Asteroids no match for paint gun

There is research that is off the wall, some off the charts and some off the planet, such as what a Texas A&M University aerospace and physics professor is exploring. It’s a plan to deflect a killer asteroid by using paint, and the science behind it is absolutely rock solid, so to speak, so much so that NASA is getting involved and wants to know much more.

Dr. Dave Hyland, professor of physics and astronomy and also a faculty member in the aerospace engineering department at Texas A&M and a researcher with more than 30 years of awards and notable grants, says one possible way to avert an asteroid collision with Earth is by using a process called “tribocharging powder dispensing” (as in high pressured) and spreading a thin layer of paint on an approaching asteroid, such as the one named DA14 that came within 17,000 miles on Feb. 15.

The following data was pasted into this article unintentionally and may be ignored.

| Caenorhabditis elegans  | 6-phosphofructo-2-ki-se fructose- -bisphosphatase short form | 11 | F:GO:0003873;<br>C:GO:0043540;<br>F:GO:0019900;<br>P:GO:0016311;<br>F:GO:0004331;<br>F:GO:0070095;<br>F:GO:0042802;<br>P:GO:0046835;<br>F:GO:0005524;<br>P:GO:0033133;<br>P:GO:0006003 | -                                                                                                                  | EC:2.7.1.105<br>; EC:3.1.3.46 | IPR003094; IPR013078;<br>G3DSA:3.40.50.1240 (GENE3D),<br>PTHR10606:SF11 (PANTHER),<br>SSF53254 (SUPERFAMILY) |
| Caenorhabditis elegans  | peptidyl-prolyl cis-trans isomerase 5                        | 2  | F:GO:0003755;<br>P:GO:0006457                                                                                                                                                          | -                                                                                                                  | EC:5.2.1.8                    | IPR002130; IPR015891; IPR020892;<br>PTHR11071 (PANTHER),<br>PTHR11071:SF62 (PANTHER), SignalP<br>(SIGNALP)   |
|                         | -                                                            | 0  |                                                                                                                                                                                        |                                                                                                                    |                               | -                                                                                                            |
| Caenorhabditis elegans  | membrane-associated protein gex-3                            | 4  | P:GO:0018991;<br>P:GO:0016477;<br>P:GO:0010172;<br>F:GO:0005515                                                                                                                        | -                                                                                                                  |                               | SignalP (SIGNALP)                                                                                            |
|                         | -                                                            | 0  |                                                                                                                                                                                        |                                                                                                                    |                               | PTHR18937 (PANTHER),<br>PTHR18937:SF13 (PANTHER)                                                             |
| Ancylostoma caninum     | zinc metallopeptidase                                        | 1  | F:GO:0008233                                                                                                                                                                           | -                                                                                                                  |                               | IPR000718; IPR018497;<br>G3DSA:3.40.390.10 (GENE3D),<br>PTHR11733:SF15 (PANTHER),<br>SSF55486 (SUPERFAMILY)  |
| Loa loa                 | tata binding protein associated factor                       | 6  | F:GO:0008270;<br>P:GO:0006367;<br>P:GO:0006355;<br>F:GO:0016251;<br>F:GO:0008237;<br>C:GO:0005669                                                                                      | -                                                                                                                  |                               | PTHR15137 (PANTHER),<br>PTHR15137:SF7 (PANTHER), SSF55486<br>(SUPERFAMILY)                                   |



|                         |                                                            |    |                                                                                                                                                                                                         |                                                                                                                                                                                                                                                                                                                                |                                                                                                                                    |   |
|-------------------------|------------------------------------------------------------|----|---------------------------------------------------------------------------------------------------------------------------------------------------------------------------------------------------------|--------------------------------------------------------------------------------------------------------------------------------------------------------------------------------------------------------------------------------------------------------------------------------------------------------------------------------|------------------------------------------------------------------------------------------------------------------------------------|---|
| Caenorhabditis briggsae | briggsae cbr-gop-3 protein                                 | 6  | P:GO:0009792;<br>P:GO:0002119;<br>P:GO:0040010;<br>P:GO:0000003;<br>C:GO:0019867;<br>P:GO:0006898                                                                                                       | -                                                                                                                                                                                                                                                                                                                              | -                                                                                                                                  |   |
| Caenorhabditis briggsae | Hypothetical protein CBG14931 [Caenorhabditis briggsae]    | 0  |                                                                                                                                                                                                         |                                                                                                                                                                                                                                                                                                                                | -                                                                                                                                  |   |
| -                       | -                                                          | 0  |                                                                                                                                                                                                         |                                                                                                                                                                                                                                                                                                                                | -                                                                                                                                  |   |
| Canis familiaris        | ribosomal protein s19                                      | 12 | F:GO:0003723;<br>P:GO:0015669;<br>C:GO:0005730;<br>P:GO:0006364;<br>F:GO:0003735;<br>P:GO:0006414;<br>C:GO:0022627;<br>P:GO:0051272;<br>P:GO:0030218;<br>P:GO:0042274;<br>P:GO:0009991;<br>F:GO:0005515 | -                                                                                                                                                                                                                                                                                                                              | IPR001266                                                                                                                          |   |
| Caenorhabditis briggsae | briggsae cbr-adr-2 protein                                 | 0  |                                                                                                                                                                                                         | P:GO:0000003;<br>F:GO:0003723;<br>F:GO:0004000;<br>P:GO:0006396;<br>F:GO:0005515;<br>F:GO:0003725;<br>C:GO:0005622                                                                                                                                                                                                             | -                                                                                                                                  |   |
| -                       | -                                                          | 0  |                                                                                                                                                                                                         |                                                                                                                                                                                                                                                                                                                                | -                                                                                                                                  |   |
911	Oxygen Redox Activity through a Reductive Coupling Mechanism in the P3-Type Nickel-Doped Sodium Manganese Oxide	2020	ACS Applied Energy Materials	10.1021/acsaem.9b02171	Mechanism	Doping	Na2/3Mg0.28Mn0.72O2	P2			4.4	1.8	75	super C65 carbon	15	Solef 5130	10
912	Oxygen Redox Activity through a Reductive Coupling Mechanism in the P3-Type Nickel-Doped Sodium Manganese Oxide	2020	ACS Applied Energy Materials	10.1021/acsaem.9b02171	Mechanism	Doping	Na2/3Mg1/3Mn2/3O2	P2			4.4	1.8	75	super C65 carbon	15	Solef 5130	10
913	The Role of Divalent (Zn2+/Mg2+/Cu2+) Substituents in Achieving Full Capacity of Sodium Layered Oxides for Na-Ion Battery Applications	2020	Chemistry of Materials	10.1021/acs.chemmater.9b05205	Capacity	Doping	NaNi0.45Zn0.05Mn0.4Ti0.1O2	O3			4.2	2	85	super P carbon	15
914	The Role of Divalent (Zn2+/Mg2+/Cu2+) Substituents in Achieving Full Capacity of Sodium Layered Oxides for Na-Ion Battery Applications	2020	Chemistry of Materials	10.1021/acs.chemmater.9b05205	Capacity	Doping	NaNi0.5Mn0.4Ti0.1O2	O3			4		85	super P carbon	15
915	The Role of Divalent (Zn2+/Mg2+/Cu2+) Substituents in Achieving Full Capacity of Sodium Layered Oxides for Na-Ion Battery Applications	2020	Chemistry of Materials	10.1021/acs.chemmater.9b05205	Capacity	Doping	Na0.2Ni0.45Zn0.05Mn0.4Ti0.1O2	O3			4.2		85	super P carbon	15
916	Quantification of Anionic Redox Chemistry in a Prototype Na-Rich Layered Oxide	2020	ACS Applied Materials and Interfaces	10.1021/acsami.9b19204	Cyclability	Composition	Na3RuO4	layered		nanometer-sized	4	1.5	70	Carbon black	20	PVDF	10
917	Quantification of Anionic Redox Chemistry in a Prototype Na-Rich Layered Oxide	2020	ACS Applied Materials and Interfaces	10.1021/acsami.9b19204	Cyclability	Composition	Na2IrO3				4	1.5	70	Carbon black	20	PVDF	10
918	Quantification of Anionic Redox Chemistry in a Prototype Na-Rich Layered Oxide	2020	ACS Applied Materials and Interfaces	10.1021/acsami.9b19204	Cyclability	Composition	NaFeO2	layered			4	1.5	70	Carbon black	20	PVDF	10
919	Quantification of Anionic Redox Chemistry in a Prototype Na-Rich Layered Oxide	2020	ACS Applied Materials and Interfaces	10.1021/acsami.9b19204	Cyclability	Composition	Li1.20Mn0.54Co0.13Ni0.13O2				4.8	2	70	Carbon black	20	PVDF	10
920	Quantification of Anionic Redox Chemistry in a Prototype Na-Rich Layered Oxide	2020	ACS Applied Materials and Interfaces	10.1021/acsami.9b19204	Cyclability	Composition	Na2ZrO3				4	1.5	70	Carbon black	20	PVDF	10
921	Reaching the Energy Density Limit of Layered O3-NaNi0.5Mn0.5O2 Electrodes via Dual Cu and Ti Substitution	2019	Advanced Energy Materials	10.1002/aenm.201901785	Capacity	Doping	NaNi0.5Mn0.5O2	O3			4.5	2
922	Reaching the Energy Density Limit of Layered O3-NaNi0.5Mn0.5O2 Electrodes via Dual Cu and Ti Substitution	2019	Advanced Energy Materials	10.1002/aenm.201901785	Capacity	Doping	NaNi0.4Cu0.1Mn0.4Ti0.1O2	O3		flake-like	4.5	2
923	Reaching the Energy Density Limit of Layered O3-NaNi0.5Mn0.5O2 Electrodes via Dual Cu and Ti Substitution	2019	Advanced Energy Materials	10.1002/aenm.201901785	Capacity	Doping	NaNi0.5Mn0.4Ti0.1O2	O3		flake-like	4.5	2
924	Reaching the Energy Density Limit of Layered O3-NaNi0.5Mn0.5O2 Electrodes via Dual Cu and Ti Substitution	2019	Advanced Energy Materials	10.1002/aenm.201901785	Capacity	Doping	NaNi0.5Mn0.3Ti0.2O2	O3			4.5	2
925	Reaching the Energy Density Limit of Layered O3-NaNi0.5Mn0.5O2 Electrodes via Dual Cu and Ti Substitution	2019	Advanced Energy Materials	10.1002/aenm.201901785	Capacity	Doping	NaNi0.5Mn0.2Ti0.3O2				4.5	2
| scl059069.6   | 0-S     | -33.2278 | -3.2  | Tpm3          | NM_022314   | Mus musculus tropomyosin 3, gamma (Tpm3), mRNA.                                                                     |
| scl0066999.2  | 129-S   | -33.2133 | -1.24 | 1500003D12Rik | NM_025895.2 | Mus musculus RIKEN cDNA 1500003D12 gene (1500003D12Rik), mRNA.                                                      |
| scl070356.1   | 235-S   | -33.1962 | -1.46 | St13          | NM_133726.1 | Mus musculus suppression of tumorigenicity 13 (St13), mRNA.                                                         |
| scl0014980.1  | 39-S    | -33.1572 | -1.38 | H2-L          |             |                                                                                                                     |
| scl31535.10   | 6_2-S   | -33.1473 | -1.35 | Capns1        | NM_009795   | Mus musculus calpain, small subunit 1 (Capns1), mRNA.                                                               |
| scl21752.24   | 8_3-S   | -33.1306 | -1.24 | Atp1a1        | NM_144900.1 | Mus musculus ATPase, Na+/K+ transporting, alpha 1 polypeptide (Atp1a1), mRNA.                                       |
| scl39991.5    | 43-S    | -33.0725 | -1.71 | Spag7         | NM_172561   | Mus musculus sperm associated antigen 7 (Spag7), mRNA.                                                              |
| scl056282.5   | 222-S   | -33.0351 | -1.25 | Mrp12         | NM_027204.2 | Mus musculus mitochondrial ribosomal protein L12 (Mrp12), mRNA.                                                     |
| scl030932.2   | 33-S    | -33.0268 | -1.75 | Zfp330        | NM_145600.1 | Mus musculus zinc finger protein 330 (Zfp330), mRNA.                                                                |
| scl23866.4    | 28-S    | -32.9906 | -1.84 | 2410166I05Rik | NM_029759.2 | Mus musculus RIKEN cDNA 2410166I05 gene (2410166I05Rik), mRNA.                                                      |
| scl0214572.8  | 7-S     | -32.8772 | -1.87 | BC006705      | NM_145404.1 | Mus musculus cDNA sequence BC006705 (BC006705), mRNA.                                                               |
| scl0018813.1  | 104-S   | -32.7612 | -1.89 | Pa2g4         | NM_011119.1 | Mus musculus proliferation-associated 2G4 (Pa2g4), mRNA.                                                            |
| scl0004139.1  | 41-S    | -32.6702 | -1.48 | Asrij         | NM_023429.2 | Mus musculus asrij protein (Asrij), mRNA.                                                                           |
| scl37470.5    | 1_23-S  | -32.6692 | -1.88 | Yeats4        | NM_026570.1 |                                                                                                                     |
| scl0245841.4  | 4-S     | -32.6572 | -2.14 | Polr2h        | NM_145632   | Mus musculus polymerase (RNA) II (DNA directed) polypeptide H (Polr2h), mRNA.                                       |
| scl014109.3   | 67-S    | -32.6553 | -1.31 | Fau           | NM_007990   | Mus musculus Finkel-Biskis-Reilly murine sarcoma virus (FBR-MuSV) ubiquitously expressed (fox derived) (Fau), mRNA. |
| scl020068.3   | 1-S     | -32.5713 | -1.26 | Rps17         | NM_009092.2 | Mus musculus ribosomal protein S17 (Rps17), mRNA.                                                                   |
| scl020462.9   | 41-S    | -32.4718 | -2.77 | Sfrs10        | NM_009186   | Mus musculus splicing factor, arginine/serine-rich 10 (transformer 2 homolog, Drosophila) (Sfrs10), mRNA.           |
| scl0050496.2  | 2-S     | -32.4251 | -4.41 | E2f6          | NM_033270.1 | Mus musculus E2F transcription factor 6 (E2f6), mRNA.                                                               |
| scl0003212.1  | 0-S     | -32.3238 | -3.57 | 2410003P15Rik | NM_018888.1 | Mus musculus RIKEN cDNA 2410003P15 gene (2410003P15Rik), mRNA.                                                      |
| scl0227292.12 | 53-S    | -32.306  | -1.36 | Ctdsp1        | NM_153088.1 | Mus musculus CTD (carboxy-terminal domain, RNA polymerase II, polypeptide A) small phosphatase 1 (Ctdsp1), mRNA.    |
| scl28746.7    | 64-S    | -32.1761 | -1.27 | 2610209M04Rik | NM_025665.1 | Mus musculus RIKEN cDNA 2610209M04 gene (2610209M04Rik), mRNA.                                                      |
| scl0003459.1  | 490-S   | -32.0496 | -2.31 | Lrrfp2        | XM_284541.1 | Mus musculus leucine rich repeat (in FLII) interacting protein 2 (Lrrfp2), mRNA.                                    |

What happens is that the paint changes the amount by which the asteroid reflects sunlight, Hyland theorizes, producing a change in what is called the Yarkovski effect (which was discovered by a Russian engineer in 1902). The force arises because on a spinning asteroid, the dusk side is warmer than the dawn side and emits more thermal photons, each photon carrying a small momentum. The unequal heating of the asteroid results in a net force strong enough to cause the asteroid to shift from its current orbit, Hyland further theorizes.

Continue reading via College of Engineering.

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